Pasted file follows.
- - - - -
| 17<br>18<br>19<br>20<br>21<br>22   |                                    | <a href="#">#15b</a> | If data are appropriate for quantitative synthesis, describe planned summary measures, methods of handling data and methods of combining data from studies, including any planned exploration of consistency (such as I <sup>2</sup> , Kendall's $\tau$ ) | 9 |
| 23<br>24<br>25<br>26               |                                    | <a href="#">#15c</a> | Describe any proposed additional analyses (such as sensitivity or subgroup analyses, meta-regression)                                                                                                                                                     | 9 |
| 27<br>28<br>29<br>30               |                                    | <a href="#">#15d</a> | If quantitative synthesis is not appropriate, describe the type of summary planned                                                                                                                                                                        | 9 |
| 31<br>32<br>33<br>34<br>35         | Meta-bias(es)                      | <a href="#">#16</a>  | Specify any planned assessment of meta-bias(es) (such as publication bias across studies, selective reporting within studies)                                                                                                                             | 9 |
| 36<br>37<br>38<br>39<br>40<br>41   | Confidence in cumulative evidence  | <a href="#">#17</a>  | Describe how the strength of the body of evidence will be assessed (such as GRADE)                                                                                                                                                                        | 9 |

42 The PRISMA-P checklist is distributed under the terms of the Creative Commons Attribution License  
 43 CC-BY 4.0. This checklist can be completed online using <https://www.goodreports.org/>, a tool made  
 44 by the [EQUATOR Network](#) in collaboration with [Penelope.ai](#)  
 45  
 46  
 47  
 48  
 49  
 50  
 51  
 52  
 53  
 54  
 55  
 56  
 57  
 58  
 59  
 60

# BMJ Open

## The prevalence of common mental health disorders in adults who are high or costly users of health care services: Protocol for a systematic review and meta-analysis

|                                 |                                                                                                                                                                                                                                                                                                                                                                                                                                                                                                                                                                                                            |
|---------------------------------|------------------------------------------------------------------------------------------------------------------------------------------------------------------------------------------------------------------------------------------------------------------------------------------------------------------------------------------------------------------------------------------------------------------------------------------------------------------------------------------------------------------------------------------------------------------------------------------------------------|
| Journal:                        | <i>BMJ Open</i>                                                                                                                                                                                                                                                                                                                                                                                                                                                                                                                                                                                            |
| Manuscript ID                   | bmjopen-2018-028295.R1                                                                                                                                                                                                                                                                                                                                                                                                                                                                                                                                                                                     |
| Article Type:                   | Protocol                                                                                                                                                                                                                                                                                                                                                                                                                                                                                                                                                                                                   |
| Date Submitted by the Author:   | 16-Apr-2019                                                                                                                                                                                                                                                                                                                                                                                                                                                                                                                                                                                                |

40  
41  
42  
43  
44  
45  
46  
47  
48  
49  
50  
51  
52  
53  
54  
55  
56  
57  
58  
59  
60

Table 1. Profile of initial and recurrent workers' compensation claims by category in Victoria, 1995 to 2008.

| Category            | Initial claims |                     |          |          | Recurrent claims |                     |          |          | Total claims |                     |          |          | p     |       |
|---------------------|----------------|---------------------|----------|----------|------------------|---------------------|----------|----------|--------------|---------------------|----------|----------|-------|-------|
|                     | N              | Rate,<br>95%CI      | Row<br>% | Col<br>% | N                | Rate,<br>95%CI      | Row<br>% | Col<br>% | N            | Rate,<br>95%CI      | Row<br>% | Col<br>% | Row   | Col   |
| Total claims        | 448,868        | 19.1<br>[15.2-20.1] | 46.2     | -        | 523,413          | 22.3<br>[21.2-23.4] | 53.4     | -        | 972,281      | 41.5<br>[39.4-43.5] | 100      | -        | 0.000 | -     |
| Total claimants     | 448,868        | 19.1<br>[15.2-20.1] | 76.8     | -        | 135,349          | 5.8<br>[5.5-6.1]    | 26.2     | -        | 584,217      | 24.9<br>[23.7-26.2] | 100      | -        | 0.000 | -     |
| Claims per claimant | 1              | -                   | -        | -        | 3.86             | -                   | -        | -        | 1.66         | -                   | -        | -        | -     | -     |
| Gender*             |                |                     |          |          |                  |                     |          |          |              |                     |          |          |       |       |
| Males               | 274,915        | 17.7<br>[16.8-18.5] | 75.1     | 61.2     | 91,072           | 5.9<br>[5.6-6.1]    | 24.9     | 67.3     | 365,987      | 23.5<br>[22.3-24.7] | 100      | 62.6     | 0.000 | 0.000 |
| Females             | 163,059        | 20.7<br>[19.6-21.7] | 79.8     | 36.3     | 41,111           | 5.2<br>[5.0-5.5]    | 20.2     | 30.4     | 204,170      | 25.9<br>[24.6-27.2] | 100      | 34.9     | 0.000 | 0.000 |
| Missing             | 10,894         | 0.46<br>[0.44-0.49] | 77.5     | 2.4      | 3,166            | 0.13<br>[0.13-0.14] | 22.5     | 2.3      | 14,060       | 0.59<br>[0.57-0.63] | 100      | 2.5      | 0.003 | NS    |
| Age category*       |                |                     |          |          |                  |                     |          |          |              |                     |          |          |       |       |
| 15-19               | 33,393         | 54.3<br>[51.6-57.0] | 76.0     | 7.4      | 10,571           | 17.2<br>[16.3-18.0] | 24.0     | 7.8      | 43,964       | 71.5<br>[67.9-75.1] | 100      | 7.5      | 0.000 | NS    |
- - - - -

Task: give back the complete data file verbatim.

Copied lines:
| 17<br>18<br>19<br>20<br>21<br>22   |                                    | <a href="#">#15b</a> | If data are appropriate for quantitative synthesis, describe planned summary measures, methods of handling data and methods of combining data from studies, including any planned exploration of consistency (such as I <sup>2</sup> , Kendall's $\tau$ ) | 9 |
| 23<br>24<br>25<br>26               |                                    | <a href="#">#15c</a> | Describe any proposed additional analyses (such as sensitivity or subgroup analyses, meta-regression)                                                                                                                                                     | 9 |
| 27<br>28<br>29<br>30               |                                    | <a href="#">#15d</a> | If quantitative synthesis is not appropriate, describe the type of summary planned                                                                                                                                                                        | 9 |
| 31<br>32<br>33<br>34<br>35         | Meta-bias(es)                      | <a href="#">#16</a>  | Specify any planned assessment of meta-bias(es) (such as publication bias across studies, selective reporting within studies)                                                                                                                             | 9 |
| 36<br>37<br>38<br>39<br>40<br>41   | Confidence in cumulative evidence  | <a href="#">#17</a>  | Describe how the strength of the body of evidence will be assessed (such as GRADE)                                                                                                                                                                        | 9 |

42 The PRISMA-P checklist is distributed under the terms of the Creative Commons Attribution License  
 43 CC-BY 4.0. This checklist can be completed online using <https://www.goodreports.org/>, a tool made  
 44 by the [EQUATOR Network](#) in collaboration with [Penelope.ai](#)  
 45  
 46  
 47  
 48  
 49  
 50  
 51  
 52  
 53  
 54  
 55  
 56  
 57  
 58  
 59  
 60

# BMJ Open

## The prevalence of common mental health disorders in adults who are high or costly users of health care services: Protocol for a systematic review and meta-analysis

|                                 |                                                                                                                                                                                                                                                                                                                                                                                                                                                                                                                                                                                                            |
|---------------------------------|------------------------------------------------------------------------------------------------------------------------------------------------------------------------------------------------------------------------------------------------------------------------------------------------------------------------------------------------------------------------------------------------------------------------------------------------------------------------------------------------------------------------------------------------------------------------------------------------------------|
| Journal:                        | <i>BMJ Open</i>                                                                                                                                                                                                                                                                                                                                                                                                                                                                                                                                                                                            |
| Manuscript ID                   | bmjopen-2018-028295.R1                                                                                                                                                                                                                                                                                                                                                                                                                                                                                                                                                                                     |
| Article Type:                   | Protocol                                                                                                                                                                                                                                                                                                                                                                                                                                                                                                                                                                                                   |
| Date Submitted by the Author:   | 16-Apr-2019                                                                                                                                                                                                                                                                                                                                                                                                                                                                                                                                                                                                |

40  
41  
42  
43  
44  
45  
46  
47  
48  
49  
50  
51  
52  
53  
54  
55  
56  
57  
58  
59  
60

Table 1. Profile of initial and recurrent workers' compensation claims by category in Victoria, 1995 to 2008.

| Category            | Initial claims |                     |          |          | Recurrent claims |                     |          |          | Total claims |                     |          |          | p     |       |
|---------------------|----------------|---------------------|----------|----------|------------------|---------------------|----------|----------|--------------|---------------------|----------|----------|-------|-------|
|                     | N              | Rate,<br>95%CI      | Row<br>% | Col<br>% | N                | Rate,<br>95%CI      | Row<br>% | Col<br>% | N            | Rate,<br>95%CI      | Row<br>% | Col<br>% | Row   | Col   |
| Total claims        | 448,868        | 19.1<br>[15.2-20.1] | 46.2     | -        | 523,413          | 22.3<br>[21.2-23.4] | 53.4     | -        | 972,281      | 41.5<br>[39.4-43.5] | 100      | -        | 0.000 | -     |
| Total claimants     | 448,868        | 19.1<br>[15.2-20.1] | 76.8     | -        | 135,349          | 5.8<br>[5.5-6.1]    | 26.2     | -        | 584,217      | 24.9<br>[23.7-26.2] | 100      | -        | 0.000 | -     |
| Claims per claimant | 1              | -                   | -        | -        | 3.86             | -                   | -        | -        | 1.66         | -                   | -        | -        | -     | -     |
| Gender*             |                |                     |          |          |                  |                     |          |          |              |                     |          |          |       |       |
| Males               | 274,915        | 17.7<br>[16.8-18.5] | 75.1     | 61.2     | 91,072           | 5.9<br>[5.6-6.1]    | 24.9     | 67.3     | 365,987      | 23.5<br>[22.3-24.7] | 100      | 62.6     | 0.000 | 0.000 |
| Females             | 163,059        | 20.7<br>[19.6-21.7] | 79.8     | 36.3     | 41,111           | 5.2<br>[5.0-5.5]    | 20.2     | 30.4     | 204,170      | 25.9<br>[24.6-27.2] | 100      | 34.9     | 0.000 | 0.000 |
| Missing             | 10,894         | 0.46<br>[0.44-0.49] | 77.5     | 2.4      | 3,166            | 0.13<br>[0.13-0.14] | 22.5     | 2.3      | 14,060       | 0.59<br>[0.57-0.63] | 100      | 2.5      | 0.003 | NS    |
| Age category*       |                |                     |          |          |                  |                     |          |          |              |                     |          |          |       |       |
| 15-19               | 33,393         | 54.3<br>[51.6-57.0] | 76.0     | 7.4      | 10,571           | 17.2<br>[16.3-18.0] | 24.0     | 7.8      | 43,964       | 71.5<br>[67.9-75.1] | 100      | 7.5      | 0.000 | NS    |